After hanging out at the Cliffs of Insanity, I’m doing a bit of rumor control today before negativity infiltrates the Water Cooler crowd. The report is this: “We’ll never survive.”
Survive what, you ask? The journey–wherever it takes us–along the writing road.
Many writers survive–even thrive. Sure, at times the Brute Squad hammers our egos, but consider a pounding an occupational hazard. Westley and Buttercup conquered the flame spurt, the lightning sand and Rodents of Unusual Size (R.O.U.S.’s). Like our hero and heroine, writers must overcome terrors specific to the writing world.
- Expect the expected. Flame spurts were predictable. Listen for the popping noise, move, and you won’t get burned. Hang around the writing world long enough and you’ll recognize probable pitfalls. Listen for oft-repeated refrains like:
- Show don’t tell. (Unless you’re Erin Healy, who’s teaching a class at ACFW titled “Sometimes It’s Better to Tell than Show.” I don’t know about you, but I’m intrigued.)
- Know the rules before breaking the rules. (See bullet #1.)
- Writers need a platform. (Or a brand. Or, at the very least, an engaging plot.)
- Don’t travel alone. You don’t survive a solo encounter with lightning sand. Buttercup would have suffered a tragic death but for Westley’s daring dive into the sand to rescue her. And despite writer Jessamyn West’s oft-quoted assertion that “Writing is a solitary occupation,” I’m thankful for my writing comrades. They’ve saved me from death by over-writing. Death by over-editing. Death by over-thinking why I decided ever to set foot on the writing road to begin with.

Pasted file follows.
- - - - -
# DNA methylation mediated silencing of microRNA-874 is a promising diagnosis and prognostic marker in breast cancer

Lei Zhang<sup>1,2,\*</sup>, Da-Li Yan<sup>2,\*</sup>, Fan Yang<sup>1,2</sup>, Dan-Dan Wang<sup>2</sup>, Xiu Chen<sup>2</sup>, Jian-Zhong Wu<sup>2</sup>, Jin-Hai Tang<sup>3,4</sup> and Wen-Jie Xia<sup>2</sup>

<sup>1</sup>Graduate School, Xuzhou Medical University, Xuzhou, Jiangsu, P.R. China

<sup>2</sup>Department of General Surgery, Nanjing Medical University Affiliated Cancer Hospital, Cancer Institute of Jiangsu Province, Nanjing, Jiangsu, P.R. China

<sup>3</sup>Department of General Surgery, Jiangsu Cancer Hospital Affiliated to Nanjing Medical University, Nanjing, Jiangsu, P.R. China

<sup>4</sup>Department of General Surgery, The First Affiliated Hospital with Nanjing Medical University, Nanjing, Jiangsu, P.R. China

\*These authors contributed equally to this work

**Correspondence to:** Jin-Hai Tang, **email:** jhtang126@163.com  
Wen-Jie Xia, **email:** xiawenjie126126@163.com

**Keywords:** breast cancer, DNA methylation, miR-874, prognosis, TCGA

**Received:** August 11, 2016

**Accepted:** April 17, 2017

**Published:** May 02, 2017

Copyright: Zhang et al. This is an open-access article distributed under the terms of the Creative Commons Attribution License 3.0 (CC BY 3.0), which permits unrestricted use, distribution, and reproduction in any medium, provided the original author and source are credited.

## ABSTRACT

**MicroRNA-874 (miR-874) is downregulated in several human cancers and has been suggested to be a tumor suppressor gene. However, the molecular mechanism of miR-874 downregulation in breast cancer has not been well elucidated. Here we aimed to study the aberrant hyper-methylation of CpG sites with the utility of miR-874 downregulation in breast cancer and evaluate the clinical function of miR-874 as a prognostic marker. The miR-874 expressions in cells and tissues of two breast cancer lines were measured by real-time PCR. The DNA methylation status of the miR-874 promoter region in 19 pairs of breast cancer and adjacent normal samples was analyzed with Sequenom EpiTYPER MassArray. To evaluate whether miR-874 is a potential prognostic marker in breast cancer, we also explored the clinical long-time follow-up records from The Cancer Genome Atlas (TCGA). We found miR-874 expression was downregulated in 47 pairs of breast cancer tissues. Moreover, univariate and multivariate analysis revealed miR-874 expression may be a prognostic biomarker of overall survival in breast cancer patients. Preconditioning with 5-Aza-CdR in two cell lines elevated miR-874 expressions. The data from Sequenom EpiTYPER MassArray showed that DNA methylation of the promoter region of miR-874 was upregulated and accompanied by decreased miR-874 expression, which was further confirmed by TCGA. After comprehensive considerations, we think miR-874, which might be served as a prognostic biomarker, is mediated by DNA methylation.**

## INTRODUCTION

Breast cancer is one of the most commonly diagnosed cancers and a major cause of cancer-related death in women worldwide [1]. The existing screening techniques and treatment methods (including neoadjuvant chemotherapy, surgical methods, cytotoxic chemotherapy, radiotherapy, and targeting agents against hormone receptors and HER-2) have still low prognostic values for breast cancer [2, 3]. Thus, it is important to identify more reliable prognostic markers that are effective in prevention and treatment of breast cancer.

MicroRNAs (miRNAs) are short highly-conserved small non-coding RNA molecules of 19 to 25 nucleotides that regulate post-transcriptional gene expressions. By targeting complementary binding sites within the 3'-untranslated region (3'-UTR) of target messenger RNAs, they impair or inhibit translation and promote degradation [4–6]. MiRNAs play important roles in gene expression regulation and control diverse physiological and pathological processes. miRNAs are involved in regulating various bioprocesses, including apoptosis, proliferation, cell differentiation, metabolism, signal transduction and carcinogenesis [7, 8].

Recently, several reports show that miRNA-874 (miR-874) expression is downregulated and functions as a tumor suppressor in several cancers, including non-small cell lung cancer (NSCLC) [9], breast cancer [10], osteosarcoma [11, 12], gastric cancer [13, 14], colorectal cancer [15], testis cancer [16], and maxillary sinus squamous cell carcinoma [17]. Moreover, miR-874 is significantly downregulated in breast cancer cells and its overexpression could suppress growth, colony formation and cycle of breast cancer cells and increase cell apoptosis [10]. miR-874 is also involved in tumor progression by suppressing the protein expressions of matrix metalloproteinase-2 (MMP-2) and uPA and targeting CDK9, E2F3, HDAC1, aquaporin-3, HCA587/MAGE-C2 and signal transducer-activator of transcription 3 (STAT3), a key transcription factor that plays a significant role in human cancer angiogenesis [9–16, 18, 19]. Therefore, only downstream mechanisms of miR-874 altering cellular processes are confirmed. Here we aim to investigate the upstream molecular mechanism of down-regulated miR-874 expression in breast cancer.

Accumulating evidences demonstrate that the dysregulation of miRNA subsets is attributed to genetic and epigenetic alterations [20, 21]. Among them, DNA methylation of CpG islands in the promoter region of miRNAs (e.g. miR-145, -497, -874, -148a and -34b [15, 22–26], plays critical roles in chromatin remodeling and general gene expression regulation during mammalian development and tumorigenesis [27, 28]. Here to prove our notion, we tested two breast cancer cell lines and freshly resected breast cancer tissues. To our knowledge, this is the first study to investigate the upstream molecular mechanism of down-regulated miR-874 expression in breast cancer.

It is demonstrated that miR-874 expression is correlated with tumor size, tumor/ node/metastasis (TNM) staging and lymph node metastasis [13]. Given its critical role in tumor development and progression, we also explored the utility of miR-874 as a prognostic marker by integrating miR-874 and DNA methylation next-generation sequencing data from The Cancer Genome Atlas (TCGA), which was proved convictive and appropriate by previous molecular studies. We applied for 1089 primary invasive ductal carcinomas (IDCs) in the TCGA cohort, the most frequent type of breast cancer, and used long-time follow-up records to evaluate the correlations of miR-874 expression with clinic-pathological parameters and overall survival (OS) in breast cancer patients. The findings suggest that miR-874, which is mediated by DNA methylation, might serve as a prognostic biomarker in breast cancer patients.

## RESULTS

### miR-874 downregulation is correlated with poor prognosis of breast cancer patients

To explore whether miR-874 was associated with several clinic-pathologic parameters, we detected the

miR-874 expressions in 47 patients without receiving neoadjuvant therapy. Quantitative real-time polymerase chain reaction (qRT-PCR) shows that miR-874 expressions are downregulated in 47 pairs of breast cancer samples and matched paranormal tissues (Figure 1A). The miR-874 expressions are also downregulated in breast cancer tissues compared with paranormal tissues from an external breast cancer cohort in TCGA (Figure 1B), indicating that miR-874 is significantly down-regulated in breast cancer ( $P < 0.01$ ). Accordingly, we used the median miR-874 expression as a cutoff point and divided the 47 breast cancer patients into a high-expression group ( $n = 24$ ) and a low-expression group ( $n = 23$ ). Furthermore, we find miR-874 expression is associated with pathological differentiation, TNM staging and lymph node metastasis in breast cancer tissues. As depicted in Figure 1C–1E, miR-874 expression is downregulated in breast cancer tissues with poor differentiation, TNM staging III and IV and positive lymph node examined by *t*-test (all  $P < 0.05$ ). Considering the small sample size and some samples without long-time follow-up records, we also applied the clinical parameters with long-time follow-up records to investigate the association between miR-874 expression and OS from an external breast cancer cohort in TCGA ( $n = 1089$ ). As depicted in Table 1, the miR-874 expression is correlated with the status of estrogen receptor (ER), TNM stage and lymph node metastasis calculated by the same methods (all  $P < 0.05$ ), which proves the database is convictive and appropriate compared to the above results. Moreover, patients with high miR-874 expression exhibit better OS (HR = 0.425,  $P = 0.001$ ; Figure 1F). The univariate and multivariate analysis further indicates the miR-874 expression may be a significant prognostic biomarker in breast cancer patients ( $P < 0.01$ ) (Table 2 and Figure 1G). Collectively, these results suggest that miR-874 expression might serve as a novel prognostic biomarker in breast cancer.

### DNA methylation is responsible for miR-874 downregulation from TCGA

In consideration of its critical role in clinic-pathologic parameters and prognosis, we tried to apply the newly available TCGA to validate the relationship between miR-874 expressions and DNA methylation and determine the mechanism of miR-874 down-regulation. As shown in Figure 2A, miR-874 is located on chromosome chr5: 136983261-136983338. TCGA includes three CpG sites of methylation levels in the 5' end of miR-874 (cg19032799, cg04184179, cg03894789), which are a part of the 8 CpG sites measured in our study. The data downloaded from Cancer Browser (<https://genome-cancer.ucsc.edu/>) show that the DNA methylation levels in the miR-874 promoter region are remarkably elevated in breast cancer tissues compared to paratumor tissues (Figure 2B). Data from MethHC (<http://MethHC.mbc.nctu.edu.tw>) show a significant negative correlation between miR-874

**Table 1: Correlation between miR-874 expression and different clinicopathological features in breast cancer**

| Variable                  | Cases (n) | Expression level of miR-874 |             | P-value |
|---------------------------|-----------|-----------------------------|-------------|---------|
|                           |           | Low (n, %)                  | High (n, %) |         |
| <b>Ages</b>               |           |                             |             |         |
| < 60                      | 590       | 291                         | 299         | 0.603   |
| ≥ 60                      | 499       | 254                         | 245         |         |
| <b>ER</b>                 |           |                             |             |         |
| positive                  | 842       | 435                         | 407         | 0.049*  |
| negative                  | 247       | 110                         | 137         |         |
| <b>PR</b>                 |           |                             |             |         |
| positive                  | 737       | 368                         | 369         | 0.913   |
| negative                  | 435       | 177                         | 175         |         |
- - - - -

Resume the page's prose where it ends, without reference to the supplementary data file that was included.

- Realize the reports may be true. I’ll disappoint some of you by not drawing an anology between R.O.U.S.’s and editors. Or agents. Sorry, not going there. (I’m an editor too, after all.) Remember Westley’s response when Buttercup asked about R.O.U.S.’s? He said: “I don’t think they exist.” And right after that–OOOF! An R.O.U.S. took him down. We’d like to think we’re exempt from the tough times writers face: Bad reviews. Low sales. Dissatisfaction with critique groups. Let me be frank: Ignorance isn’t bliss when it comes to R.O.U.S.’s in the Fire Swamp or very real problems along the writing road. Saying “It ain’t going to happen to me” only accomplishes one thing: You’re unprepared when low sales take you out at the knees.Or when your crit group pummels your work-in-progress (WIP). Or when your elevator pitch plummets to the basement.
What about you? Any survival techniques you’d care to share with the rest of the group gathered ’round the Water Cooler today?
Post Author: Beth K. Vogt
Beth K. Vogt is a non-fiction author and editor who said she’d never write fiction. She’s the wife of an air force physician (now in solo practice) who said she’d never marry a doctor—or anyone in the military. She’s a mom of four who said she’d never have kids. She’s discovered that God’s best often waits behind the doors marked “Never.” She writes contemporary romance because she believes there’s more to happily ever after than the fairy tales tell us.